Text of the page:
A LABOUR candidate in this week’s council elections appears to have broken ranks with his party over the controversial 20mph limit.
Scott Arthur, who is standing in Colinton/Fairmilehead ward, has listed a review of the speed cap among his priorities in a leaflet distributed to homes in the area.
But the council’s Labour leadership confirmed the party’s policy was to press ahead with the roll-out of the 20mph limit and any review would follow implementation.
Dr Arthur, a university lecturer and church elder, said his call for a review was based on speaking to voters in the ward.
But he insisted he was not seeking to halt or delay the new limit.
The 20mph zones for residential and shopping streets were first introduced in the city centre and rural west Edinburgh in July last year and extended to large parts of the Capital in February.
It is due to come into force in the Colinton and Fairmilehead area in the final phase in January next year.
In his leaflet Dr Arthur has a list of six priorities, including childcare, affordable housing and fewer potholes.
Number six is: “A review of the 20mph scheme before it’s implemented in our part of the city.”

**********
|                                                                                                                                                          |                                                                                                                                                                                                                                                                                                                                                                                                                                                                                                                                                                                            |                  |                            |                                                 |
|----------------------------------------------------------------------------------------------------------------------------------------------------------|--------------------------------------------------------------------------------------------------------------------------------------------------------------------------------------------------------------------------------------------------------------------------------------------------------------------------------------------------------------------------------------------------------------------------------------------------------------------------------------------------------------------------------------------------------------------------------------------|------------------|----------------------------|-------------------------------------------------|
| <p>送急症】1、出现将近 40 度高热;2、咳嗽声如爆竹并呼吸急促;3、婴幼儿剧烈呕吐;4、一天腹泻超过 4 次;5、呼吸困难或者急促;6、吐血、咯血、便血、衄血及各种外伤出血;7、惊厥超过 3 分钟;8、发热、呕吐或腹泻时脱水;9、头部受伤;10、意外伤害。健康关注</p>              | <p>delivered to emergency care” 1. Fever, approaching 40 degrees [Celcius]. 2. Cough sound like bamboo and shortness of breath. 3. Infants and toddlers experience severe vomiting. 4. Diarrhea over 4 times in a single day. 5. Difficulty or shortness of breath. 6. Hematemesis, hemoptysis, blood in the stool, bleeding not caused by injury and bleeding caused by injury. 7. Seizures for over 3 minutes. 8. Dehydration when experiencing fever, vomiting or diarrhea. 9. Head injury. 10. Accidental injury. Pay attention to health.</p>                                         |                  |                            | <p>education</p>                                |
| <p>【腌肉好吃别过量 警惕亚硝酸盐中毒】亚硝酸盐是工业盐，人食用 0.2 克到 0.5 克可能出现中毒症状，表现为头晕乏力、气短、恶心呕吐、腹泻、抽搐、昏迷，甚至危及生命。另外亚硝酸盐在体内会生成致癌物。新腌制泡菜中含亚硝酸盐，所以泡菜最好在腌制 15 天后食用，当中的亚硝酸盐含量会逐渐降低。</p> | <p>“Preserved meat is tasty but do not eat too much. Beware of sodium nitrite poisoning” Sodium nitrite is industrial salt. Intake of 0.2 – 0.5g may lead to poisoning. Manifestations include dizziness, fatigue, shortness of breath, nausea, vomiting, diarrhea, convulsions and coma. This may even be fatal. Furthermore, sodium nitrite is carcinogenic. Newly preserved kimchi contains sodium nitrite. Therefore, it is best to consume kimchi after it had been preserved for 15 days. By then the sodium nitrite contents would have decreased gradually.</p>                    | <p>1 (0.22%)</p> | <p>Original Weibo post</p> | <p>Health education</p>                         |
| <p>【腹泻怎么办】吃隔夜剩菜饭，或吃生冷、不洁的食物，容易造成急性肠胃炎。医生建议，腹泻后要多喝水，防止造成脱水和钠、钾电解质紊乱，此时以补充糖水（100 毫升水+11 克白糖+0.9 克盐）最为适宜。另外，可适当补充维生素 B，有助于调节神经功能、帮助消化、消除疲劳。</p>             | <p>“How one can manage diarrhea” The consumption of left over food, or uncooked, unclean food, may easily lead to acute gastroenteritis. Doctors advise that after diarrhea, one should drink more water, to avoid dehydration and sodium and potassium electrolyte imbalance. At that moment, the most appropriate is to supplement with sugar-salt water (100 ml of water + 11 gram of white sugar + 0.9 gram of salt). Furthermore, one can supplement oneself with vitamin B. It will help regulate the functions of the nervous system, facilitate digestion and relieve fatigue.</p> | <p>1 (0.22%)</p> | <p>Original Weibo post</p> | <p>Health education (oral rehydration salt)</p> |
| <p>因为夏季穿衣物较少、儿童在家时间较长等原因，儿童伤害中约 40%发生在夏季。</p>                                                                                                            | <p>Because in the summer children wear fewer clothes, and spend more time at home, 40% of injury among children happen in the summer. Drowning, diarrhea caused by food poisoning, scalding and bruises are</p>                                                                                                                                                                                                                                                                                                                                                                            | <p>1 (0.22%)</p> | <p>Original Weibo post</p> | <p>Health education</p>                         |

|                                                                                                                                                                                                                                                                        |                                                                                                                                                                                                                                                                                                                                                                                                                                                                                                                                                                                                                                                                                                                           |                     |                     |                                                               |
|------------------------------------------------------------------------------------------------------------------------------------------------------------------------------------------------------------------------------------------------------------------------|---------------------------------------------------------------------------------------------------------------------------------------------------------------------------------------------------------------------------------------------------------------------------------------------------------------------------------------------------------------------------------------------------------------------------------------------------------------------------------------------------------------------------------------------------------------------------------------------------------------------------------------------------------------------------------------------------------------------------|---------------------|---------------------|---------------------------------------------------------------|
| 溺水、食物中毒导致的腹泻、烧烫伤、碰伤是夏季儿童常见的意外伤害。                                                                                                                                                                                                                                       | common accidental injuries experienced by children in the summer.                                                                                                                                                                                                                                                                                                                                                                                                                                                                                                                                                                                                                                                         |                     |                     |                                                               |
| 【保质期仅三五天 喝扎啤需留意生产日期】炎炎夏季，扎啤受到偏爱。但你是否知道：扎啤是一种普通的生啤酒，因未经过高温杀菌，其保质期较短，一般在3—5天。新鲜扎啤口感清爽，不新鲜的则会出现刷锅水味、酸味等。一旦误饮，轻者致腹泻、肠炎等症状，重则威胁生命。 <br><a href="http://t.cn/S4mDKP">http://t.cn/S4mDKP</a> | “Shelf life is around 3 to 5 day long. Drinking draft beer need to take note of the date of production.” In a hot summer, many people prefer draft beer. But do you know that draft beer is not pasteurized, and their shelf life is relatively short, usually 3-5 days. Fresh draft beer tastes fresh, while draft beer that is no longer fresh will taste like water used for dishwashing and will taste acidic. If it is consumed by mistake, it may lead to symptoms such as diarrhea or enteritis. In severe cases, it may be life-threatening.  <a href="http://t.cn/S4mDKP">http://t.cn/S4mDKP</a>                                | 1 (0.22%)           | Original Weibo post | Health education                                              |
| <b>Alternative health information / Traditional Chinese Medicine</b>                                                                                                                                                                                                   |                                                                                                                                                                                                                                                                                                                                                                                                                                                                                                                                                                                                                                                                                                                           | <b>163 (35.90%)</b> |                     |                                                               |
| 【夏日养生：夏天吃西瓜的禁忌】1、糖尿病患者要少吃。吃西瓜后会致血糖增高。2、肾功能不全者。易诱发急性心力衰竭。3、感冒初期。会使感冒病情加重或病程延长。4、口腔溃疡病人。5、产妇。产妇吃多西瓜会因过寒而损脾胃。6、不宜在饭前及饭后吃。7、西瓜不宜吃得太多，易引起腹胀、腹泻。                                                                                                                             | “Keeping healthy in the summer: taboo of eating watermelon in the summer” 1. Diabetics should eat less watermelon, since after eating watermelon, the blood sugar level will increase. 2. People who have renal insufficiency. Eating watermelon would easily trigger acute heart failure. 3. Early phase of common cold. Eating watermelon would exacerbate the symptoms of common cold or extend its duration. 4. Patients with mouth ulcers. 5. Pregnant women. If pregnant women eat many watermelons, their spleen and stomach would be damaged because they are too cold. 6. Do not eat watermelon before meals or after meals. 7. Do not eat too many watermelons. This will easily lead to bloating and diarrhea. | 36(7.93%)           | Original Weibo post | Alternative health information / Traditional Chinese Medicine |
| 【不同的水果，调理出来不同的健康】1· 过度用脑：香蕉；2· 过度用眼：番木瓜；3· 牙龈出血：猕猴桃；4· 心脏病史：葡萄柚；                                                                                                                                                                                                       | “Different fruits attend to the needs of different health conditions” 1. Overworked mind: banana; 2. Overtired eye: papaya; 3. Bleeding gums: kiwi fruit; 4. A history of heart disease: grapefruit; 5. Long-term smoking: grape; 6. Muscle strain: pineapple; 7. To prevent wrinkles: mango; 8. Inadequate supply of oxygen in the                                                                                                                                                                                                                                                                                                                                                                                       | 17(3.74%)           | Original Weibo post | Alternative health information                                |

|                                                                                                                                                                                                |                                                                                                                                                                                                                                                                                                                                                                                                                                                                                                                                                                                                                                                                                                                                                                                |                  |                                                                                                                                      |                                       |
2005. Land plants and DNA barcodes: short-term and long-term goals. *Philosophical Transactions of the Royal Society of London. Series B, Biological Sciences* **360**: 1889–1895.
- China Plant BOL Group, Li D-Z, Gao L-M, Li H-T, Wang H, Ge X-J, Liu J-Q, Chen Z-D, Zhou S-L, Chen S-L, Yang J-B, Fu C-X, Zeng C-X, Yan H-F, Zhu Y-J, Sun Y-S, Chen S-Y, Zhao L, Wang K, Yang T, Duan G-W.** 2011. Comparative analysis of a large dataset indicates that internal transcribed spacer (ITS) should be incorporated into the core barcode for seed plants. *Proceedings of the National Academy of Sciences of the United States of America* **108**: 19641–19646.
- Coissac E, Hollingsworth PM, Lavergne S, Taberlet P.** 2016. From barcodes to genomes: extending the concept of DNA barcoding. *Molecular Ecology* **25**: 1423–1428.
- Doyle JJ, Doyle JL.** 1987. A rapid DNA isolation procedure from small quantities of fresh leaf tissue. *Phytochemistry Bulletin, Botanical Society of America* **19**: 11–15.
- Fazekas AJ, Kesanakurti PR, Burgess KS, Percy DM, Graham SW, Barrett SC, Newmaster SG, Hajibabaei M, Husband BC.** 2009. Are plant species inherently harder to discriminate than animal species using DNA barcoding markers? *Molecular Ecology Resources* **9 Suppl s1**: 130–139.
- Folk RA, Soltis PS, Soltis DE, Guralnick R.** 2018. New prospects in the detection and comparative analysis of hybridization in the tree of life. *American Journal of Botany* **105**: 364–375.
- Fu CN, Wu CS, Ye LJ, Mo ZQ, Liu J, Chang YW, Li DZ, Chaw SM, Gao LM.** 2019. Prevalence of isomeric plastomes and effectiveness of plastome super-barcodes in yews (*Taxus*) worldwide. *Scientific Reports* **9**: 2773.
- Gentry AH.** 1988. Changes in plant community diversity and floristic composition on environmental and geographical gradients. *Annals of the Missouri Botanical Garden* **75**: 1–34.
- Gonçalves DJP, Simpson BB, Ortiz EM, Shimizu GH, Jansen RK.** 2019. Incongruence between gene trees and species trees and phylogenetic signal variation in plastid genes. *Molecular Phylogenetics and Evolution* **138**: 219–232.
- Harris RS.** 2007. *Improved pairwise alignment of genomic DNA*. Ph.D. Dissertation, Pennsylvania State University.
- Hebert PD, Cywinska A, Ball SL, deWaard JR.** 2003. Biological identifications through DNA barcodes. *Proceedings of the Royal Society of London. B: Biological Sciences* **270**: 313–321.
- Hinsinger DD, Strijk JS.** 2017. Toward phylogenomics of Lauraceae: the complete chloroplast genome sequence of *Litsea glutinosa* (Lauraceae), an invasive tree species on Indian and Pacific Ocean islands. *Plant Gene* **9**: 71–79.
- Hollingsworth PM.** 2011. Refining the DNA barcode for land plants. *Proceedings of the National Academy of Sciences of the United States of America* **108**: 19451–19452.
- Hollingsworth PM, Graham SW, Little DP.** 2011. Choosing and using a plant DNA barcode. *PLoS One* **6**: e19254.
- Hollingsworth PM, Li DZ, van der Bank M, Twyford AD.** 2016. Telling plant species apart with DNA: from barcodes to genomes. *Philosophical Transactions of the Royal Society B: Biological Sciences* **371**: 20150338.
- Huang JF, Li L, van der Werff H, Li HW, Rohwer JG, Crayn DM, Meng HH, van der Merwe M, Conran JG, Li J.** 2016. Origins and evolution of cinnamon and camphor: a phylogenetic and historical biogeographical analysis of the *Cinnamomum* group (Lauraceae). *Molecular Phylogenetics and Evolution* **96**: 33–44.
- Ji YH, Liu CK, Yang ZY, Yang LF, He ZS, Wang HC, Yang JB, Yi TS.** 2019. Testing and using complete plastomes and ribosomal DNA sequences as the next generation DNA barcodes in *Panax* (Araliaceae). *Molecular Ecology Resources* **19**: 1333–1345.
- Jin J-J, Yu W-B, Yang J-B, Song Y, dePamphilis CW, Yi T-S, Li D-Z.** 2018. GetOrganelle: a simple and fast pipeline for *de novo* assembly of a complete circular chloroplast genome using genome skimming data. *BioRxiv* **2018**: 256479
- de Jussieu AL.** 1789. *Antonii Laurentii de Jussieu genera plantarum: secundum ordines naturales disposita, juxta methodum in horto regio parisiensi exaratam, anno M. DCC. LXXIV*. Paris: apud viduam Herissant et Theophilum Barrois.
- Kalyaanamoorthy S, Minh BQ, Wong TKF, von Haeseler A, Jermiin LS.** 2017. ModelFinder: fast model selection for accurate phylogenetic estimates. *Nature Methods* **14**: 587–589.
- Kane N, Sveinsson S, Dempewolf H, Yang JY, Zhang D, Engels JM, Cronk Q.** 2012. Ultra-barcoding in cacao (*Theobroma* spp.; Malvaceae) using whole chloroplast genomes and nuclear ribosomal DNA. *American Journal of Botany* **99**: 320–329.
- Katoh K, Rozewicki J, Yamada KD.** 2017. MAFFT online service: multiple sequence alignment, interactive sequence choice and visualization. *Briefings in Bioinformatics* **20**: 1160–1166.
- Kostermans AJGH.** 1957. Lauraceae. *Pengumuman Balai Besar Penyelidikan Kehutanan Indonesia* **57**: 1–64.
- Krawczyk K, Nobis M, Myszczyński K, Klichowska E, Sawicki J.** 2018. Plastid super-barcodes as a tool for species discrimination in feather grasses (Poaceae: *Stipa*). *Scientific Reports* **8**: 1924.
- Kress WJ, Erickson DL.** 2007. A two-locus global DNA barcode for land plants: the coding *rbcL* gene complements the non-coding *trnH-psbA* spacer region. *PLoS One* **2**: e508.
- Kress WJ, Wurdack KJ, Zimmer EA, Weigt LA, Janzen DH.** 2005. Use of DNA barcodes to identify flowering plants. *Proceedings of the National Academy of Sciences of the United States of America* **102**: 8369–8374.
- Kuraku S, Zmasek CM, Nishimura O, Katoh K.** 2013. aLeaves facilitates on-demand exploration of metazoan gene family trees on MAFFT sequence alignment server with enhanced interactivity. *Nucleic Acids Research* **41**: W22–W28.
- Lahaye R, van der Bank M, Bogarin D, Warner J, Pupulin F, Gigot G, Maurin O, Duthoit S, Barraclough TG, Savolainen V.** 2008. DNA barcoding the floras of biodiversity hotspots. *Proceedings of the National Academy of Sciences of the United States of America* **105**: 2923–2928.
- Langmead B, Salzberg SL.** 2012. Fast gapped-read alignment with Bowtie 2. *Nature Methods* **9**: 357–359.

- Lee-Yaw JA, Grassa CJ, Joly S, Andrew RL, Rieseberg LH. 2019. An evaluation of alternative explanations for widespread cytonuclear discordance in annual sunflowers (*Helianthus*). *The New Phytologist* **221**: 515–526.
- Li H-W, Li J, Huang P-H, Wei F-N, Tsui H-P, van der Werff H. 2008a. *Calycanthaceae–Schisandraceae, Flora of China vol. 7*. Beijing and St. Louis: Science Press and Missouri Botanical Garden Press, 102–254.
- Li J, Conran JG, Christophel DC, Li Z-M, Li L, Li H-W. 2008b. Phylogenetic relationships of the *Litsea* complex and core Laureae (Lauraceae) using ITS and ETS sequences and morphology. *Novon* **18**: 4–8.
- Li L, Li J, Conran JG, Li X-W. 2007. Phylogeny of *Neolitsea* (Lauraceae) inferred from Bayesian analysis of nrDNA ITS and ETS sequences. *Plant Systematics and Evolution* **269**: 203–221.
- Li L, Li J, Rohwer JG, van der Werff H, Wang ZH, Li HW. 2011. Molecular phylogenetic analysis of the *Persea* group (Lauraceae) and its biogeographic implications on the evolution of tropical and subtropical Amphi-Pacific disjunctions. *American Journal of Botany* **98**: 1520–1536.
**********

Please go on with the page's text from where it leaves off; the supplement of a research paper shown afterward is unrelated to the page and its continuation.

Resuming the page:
Jason Rust, Conservative councillor for Colinton/Fairmilehead, challenged Labour council leader Andrew Burns about Dr Arthur’s leaflet at the full council meeting last week.
Cllr Burns told him there had been no change in Labour’s policy.
Cllr Rust said: “It seems rather disingenuous for a Labour candidate to be claiming to prioritise a review of the 20mph scheme prior to further implementation, given this is Conservative policy and there is no reference at all in Labour’s manifesto to a review of the blanket 20mph policy which the Labour-led council actually introduced.”
But Dr Arthur said: “Since January my campaign team and I have spoken to about 1500 people in the ward.
“Like me they want the roads to be safe for them and their families. Their heart tells them the 20mph zone should work, but they want to be convinced of that.
“All I’m saying is we learn lessons from how it is being implemented and the feedback from the public. I want public meetings where people can come along and have their questions answered.
“I want people to respect this scheme and stick to the limit. If people can be convinced it’s the right thing to do then I think it will work.”
Council chiefs say the lower maximum speed will keep people safer on the roads and encourage more people to travel by bike, foot or public transport.
But critics claim there is little evidence it reduces accidents and say the council’s scheme is too broad and includes roads which should be left at 30mph.
Transport convener Lesley Hinds said the administration had made it clear there would be no review until after the scheme had been fully implemented.
On Dr Scott’s leaflet she said: “Obviously he has a view. I’m very clear the council has made a decision.”